11. It is exactly 3 years since your last album "Feeding Hell's Furnace came out. If you look back, what were the global reactions that you have noticed? Are you satisfied with them? How many copies did you press of "Feeding Hell's Furnace" and what kind of response did you get on it from fans, zines and labels?
KSK - It seems a lot of people got to know DRAWN AND QUARTERED with ‘Feeding Hells Furnace’. We’ve built a following slowly, but still growing. For what it is, yes. I’m not sure how many copies were pressed. People don’t really buy CD’s much. You can check it out for free on YouTube. It seems to have been well received. It has some great songs.
12. Where do you see the main differences between your last two albums ''Merciless Hammer of Lucifer'' (2007) and ''Feeding Hell's Furnace'' (2012)?
KSK - ‘Merciless Hammer of Lucifer’ needed a better mix. Some of the coolness of it just got lost. But I still like it. The songs were written in a completely different way. Greg contributed song ideas. The band collaborated and developed some of it together and a lot of ideas came to me in the recording studio. I did a lot of guitar layering and weirdness, and used the wah-wah on a song. We recorded not long after putting out ‘Hail Infernal Darkness’ which is a great record. I felt we should do something different, moody, and dark and it is. On ‘Feeding Hells Furnace’ we are also very dark, but in a much more primal way. Greg is gone, so the Bass isn’t the wall of distortion and complex parts and intervals as before. The guitars are stripped down, less effects, shorter solos. Dario contributed more ideas and some whole songs we crafted from some of his riffs. We collaborated more and simplified some things. I didn’t try to sound like two guitar players. There are quite different. Different things were tried, different mastering. There are some more sludgy doomy parts. It is a bit rougher really.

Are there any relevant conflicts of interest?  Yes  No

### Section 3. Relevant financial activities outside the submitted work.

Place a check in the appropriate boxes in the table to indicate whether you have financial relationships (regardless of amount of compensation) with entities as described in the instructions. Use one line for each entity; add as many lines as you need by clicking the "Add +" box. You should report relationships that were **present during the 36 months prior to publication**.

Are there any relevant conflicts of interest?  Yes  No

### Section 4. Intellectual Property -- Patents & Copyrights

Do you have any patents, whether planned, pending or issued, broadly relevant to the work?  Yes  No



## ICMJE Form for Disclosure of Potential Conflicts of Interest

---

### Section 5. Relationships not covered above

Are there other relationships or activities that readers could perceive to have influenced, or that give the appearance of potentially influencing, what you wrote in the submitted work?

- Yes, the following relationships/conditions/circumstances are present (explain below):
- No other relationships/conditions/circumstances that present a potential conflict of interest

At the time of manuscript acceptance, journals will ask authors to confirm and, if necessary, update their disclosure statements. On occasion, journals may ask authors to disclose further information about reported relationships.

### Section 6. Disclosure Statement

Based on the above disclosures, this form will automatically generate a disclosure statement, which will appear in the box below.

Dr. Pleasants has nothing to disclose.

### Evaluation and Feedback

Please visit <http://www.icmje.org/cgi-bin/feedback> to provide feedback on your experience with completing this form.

13. Would you consider remastering, reworking ''To Kill is Human'' (1999), ''Extermination Revelry'' (2003) and ''Return of the Black Death'' (2004)?
KSK - There are remastered and some remixes of that stuff, but it would have to be economically feasible. Enough people would have to be willing to purchase them to make worth re-doing at this time. We’re better off doing new recordings.
14. What do you guys do for a living? How often do you manage to meet each other for rehearsals?
KSK - Obviously we do something else to make a living. And a little research can help someone figure that out if they really wanted to, but I’d have to say that I don’t think anyone really cares. We all maintain some sort of job, and place to live. I have a house and we meet here to rehearse usually every week. We’ve been recording some demos here as well.
15. What can you tell me about your latest concerts? What do you like especially about playing live?
KSK - This year we have done several festivals and a few other local shows. We are flying to CANADA to do some shows as well. We got to play two sets at the MARYLAND DEATHFEST this year that was fun. And we’ve played with some amazing bands this year. It’s great fun playing songs to new people who know your music, and trying new songs for people. I like getting to do some of the really fun solos and parts live.
16. What can we expect in the future from you? Are you writing new material and already have their plans, perhaps to play in Serbia next year??
KSK - We have some festivals and touring planned for 2016. We have 13 new songs. Some of them are being recorded now. I’m finishing two songs for two different projects and releasing an 8 song demo tape, I will make updates about these releases soon, so check out the DRAWN AND QUARTERED Facebook page. We have no EUROPEAN tours planned yet.
17. Thank you for taking the time... The last words to our readers are yours.
KSK - Hails to all of you and anyone who happens to read this a week from now or a hundred years from now. The scene is us. Don’t be disappointed when only 20 people are at your show, because that is what it is about. We aren’t IRON MAIDEN. Some bands may rise to great levels, but most of us wont. Do it because you loved doing it, there is no other reason. HAIL INFERNAL DARKNESS!!!!!!!!!!!!!